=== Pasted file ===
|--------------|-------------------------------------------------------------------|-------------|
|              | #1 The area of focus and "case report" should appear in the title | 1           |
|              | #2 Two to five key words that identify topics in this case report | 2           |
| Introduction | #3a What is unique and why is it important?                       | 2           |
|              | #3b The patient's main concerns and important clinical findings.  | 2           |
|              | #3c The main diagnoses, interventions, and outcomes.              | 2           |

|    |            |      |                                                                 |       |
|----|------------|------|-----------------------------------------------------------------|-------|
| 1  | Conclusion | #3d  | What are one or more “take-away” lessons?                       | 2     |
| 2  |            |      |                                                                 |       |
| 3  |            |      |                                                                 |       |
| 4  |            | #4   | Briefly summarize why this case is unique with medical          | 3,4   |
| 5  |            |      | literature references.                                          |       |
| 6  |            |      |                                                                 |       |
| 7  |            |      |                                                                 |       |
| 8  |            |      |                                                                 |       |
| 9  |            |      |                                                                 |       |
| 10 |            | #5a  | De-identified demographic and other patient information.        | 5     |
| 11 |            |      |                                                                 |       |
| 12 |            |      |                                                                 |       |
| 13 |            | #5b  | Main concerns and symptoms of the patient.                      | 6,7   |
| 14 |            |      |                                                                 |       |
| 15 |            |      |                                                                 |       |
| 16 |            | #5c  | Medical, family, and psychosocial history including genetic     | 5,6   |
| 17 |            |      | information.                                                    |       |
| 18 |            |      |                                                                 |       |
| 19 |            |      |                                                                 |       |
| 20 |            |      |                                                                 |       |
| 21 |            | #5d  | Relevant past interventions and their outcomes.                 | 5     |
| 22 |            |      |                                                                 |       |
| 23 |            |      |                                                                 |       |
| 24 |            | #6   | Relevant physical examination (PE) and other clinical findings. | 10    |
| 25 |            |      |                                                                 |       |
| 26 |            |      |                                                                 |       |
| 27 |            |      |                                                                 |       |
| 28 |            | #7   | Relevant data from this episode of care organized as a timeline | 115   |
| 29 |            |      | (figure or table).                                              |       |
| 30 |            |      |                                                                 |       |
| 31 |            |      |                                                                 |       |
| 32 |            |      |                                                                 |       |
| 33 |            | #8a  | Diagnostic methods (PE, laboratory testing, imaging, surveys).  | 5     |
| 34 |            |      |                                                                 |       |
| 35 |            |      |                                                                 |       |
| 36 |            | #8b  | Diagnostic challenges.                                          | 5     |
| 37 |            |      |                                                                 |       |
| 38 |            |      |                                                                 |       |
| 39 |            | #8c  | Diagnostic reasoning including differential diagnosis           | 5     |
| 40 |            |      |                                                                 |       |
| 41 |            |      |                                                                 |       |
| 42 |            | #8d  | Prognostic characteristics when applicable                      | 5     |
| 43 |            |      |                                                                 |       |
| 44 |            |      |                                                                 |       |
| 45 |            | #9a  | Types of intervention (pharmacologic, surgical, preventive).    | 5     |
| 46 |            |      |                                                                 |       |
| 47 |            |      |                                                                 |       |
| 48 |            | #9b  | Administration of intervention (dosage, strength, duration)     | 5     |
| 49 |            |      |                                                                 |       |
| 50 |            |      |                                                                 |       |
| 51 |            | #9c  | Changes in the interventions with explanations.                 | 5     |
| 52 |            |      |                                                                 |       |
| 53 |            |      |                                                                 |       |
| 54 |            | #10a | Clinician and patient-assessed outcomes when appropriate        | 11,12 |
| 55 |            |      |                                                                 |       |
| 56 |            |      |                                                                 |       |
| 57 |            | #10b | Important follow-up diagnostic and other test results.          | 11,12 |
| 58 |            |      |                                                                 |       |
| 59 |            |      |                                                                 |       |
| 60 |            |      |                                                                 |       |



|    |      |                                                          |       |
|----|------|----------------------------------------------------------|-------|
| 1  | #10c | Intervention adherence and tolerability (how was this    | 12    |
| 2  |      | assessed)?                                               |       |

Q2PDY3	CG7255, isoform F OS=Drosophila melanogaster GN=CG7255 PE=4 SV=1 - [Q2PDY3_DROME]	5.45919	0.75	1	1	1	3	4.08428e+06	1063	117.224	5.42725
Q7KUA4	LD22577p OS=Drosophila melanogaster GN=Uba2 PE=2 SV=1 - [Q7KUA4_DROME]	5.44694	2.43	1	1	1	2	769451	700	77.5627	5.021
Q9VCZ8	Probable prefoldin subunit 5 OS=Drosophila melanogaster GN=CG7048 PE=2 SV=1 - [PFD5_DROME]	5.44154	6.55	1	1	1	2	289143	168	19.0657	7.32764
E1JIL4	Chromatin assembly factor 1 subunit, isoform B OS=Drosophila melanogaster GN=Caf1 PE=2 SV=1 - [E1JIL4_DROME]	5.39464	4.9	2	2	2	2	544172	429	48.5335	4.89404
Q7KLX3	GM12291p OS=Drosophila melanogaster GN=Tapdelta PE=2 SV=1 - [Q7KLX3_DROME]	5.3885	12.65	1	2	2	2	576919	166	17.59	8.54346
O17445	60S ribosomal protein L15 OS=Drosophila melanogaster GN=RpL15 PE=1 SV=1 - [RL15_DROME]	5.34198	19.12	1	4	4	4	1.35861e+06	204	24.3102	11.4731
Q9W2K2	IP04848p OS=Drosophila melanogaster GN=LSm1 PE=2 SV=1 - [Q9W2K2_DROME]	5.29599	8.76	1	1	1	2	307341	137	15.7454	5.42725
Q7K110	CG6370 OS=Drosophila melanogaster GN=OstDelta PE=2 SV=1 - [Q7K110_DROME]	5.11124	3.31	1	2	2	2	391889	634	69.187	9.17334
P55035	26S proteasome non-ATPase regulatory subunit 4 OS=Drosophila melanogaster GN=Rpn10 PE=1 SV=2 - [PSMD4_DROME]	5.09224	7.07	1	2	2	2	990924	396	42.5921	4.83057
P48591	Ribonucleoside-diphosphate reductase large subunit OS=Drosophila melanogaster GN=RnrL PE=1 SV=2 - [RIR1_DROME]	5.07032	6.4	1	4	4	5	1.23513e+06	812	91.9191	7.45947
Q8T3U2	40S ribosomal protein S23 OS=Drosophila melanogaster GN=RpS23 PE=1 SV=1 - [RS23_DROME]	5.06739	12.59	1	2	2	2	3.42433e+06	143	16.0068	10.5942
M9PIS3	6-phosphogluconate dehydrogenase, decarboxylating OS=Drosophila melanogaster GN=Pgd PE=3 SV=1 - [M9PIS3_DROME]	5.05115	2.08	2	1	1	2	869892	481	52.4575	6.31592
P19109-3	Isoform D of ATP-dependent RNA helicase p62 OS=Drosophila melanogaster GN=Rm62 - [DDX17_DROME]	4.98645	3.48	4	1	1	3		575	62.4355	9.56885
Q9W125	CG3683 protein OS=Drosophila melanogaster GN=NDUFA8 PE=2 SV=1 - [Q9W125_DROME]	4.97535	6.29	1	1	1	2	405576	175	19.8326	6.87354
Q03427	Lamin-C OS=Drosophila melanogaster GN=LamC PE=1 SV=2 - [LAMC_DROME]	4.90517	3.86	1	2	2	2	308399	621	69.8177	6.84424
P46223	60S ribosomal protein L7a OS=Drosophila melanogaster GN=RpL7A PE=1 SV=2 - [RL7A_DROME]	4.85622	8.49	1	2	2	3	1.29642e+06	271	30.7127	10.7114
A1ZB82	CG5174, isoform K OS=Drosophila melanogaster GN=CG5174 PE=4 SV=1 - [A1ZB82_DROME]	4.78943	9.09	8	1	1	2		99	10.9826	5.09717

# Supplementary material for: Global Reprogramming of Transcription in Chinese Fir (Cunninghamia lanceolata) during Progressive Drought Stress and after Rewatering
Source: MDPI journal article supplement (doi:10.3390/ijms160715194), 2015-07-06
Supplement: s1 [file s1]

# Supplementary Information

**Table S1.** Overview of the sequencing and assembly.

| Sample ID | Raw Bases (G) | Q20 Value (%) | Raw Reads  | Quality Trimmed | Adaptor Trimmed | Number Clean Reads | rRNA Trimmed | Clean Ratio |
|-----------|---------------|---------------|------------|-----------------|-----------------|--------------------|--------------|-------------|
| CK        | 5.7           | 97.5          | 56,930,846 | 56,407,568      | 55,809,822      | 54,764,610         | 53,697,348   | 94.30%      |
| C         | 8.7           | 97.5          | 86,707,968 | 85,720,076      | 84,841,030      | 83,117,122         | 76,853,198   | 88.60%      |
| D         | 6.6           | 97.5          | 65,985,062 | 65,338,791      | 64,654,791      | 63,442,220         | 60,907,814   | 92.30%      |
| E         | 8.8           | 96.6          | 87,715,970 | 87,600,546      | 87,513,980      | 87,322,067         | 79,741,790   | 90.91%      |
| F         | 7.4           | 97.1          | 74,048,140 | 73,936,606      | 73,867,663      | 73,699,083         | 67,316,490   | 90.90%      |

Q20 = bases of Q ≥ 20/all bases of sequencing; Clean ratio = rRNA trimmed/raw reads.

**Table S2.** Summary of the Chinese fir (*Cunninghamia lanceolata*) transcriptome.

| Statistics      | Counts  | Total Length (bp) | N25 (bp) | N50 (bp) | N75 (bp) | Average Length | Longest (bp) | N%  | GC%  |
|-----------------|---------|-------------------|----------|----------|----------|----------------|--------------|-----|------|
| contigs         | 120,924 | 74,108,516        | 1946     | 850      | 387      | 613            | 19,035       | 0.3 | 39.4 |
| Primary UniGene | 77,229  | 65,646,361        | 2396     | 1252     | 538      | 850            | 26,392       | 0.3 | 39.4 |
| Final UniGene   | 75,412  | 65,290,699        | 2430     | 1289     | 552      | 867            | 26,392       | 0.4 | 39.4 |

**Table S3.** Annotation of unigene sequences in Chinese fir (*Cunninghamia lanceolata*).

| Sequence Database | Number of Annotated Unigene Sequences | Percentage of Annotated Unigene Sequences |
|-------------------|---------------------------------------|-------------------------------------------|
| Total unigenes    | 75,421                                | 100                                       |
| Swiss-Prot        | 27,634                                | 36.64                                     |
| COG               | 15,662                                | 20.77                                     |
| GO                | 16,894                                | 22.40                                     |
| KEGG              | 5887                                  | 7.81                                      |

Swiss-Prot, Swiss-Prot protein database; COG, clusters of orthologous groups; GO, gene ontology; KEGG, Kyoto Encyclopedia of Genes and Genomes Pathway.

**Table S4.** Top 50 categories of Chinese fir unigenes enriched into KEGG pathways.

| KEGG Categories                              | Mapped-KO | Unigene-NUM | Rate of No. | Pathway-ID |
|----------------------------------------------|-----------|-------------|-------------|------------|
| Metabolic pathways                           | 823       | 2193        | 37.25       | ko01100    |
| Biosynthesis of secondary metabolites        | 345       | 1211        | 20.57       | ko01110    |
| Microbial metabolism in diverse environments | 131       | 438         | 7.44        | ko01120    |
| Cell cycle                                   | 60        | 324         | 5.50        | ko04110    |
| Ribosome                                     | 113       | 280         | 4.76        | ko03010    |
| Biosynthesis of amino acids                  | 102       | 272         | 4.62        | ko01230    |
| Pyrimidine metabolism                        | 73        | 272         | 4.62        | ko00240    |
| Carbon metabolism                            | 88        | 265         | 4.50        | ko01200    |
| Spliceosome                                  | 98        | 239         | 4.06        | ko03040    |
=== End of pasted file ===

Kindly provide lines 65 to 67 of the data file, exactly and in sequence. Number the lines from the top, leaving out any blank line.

| 57 |            | #10b | Important follow-up diagnostic and other test results.          | 11,12 |
| 58 |            |      |                                                                 |       |
| 59 |            |      |                                                                 |       |